The Mormon Apostle Jeffrey R. Holland spoke on March 20, 2012 to students of the Harvard University Law School as part of the school’s annual “Mormonism 101″ series. Elder Holland (Mormon leaders are traditionally addressed by the title, “Elder”) explained about the history and beliefs of The Church of Jesus Christ of Latter-day Saints, whose members are often called “Mormons.” He then engaged in a question-and-answer session with members of the audience. Elder Holland’s remarks helped shed some light on the Church, which has received a lot of media attention lately due to the presidential candidacy of Mitt Romney.
Elder Holland began his remarks by congratulating the students on their openness to discussions of religious belief. ”In the western world religion has historically been the basis of civil society as we have known it, and if I am not mistaken, men and women of the law are committed to the best—that is, the most just—civil society possible,” Elder Holland pointed out. “So thank you for taking religion seriously. You will not only be better attorneys but you will be closer to the truth in your own personal lives.”
Mormonism: The Restored Gospel of Jesus Christ
The origins of Mormonism were the first topic addresses by Elder Holland. Mormonism is a restoration of the original gospel established by Jesus Christ during his earthly ministry. Following Christ’s ascension into heaven and the deaths of the original twelve apostles, the primitive Christian Church entered a long period of confusion:
So what ensued was a millennium and a half of destroying Paul’s hope that there would be a “unity of the faith, and [a] knowledge of the Son of God, . . . that we henceforth be no more children, tossed to and fro, and carried about with every wind of doctrine, by the sleight of men, and cunning craftiness, whereby they lie in wait to deceive.” It is commonplace to note that in the Christian world we now see anything but “a unity of faith” or any real Christian cohesiveness that could remotely be called “the building fitly framed together”that would reaffirm “one Lord, one faith, one baptism.”
The Mormon Prophet, Joseph Smith
By the time of Joseph Smith, who was a young man during the time of religious contention and revival during the early 1800s in the United States known as the second “Great Awakening,” huge divides of doctrine separated the different Christian sects from one another. According to Elder Holland,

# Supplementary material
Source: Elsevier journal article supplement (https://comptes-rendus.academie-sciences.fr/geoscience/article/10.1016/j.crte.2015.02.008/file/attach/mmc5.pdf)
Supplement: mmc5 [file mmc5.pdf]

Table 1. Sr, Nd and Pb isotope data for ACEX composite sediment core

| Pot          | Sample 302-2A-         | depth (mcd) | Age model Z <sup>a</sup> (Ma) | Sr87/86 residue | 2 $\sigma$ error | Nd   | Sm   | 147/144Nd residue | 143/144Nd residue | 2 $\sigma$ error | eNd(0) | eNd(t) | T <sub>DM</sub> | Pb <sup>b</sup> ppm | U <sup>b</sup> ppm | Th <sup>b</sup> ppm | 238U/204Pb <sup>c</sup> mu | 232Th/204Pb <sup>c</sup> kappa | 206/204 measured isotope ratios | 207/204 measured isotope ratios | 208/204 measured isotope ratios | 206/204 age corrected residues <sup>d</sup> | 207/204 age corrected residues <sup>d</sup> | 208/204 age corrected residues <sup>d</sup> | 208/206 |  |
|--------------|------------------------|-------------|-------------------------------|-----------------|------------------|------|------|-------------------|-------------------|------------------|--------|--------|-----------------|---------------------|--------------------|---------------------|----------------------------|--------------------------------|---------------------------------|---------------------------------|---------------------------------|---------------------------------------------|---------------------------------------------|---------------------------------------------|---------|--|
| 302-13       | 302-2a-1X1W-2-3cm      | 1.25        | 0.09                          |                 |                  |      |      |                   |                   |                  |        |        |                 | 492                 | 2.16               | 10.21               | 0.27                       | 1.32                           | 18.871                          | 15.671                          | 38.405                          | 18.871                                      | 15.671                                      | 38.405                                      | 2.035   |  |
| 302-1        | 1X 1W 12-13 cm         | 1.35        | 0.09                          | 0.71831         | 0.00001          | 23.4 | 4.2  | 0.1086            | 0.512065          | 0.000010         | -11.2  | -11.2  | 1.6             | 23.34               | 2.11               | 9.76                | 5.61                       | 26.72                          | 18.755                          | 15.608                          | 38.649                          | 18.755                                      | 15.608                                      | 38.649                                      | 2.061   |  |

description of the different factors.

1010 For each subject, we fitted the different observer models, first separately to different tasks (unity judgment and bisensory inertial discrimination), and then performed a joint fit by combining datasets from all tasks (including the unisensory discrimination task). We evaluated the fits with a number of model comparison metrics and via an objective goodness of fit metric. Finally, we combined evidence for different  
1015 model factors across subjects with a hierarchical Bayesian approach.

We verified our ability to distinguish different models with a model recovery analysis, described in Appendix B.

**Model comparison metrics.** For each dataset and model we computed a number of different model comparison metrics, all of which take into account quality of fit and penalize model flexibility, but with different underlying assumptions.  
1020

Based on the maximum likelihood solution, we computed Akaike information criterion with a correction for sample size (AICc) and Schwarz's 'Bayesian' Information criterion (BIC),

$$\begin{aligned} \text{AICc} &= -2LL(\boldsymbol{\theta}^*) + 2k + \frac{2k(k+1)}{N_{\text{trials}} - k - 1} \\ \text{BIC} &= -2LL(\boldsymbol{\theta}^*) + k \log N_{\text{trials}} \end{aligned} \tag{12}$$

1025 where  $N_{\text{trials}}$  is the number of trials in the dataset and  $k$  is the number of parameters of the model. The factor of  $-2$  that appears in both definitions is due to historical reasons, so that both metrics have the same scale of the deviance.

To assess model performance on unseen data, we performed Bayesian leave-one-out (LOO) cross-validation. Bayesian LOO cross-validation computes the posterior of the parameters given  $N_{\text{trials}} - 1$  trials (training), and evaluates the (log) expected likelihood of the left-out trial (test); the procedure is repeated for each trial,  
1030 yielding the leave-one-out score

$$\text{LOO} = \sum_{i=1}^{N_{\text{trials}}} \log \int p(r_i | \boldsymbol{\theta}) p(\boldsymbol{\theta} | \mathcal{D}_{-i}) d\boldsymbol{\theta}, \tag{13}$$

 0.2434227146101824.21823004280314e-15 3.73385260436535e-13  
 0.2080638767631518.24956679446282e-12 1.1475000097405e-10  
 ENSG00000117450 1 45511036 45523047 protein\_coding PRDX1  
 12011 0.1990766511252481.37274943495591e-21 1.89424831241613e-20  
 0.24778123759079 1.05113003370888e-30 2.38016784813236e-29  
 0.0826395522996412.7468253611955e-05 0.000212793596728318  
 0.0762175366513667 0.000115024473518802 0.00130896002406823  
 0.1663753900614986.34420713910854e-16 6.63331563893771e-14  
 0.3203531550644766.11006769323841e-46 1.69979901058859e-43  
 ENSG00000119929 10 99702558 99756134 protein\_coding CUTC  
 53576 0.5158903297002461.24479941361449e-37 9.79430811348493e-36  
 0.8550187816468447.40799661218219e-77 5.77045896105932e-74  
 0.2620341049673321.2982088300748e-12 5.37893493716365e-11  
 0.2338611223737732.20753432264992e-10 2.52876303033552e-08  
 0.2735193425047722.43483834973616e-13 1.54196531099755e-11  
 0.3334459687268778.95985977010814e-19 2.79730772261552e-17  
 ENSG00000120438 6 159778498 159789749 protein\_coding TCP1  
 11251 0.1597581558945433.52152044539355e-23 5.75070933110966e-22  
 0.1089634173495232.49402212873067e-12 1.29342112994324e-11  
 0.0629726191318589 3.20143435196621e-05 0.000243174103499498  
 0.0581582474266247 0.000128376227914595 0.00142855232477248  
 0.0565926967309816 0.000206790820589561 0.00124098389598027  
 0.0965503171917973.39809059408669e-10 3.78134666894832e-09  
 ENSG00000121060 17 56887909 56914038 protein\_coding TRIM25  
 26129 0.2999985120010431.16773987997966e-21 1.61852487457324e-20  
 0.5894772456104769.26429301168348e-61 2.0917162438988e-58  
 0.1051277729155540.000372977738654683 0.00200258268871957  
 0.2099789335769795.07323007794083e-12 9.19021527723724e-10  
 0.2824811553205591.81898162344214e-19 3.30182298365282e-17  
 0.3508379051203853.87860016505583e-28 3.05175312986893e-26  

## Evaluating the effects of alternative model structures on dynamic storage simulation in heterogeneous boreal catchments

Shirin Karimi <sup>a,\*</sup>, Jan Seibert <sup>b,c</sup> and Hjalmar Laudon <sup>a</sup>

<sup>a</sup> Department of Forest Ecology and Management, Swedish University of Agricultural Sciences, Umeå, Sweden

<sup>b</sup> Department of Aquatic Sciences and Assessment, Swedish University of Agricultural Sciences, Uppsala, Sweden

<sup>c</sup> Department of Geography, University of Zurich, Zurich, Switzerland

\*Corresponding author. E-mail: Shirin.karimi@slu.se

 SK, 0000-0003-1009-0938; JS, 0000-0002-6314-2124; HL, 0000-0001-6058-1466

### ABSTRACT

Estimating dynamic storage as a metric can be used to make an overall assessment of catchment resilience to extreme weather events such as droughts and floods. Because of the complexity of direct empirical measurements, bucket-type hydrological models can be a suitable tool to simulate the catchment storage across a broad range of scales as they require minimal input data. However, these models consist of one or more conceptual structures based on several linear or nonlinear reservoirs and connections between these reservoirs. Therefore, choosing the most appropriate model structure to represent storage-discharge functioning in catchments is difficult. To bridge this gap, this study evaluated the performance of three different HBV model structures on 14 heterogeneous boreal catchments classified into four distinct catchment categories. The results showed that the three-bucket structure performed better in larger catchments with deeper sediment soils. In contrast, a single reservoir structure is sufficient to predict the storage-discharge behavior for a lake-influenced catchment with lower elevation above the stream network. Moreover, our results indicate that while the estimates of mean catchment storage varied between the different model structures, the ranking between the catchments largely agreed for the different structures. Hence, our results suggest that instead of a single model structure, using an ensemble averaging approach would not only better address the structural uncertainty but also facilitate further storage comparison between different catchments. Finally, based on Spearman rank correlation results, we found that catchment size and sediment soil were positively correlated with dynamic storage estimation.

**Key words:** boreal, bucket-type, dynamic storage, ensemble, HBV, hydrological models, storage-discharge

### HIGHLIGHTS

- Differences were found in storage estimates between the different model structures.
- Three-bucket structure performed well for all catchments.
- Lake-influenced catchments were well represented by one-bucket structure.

This young boy-prophet lamented that his region was “a scene of great confusion and bad feeling . . . priest contending against priest, and convert against convert; so that [any] good feelings . . . were entirely lost in a . . . war of words and tumult of opinions.” “A war of words and tumult of opinions.” That says so much about post-New Testament Christianity.
Joseph Smith, at a loss to know which church to join, turned to God in prayer. In answer, he received a heavenly manifestation where God the Father and His Son, Jesus Christ, told Joseph to join none of the churches then available to him. Joseph Smith was later called to be a prophet of God, the instrument through which God restored, through revelation and angelic ministrations, the original doctrines of the ancient Church established by Jesus Christ, along with the priesthood authority to act in His name.
Mormonism: Basic Beliefs
Elder Holland proceeded to outline some of the most basic beliefs of The Church of Jesus Christ of Latter-day Saints. These include, but are not limited to, the following:
- Every man, woman, and child who has ever lived, now lives, or will yet live so long as the earth shall last is a son or daughter of a loving and divine Heavenly Father.
- In order to gain a mortal body and experience moral growth available in no other way, a real Adam and a real Eve chose to leave a paradisiacal setting—Eden, if you will—to learn all that was necessary for children of God to learn.
- Because mistakes would be made in the course of that mortal education—sometimes horrible mistakes, wrenching mistakes, global mistakes—a Savior was provided in such a plan, one who would atone not only for Adam and Eve’s initial transgression…but also for every individual transgression made by all…the sins and sorrows, the disappointments and despair, the tears and tragedies of every man, woman, and child who would ever live from Adam to the end of the world.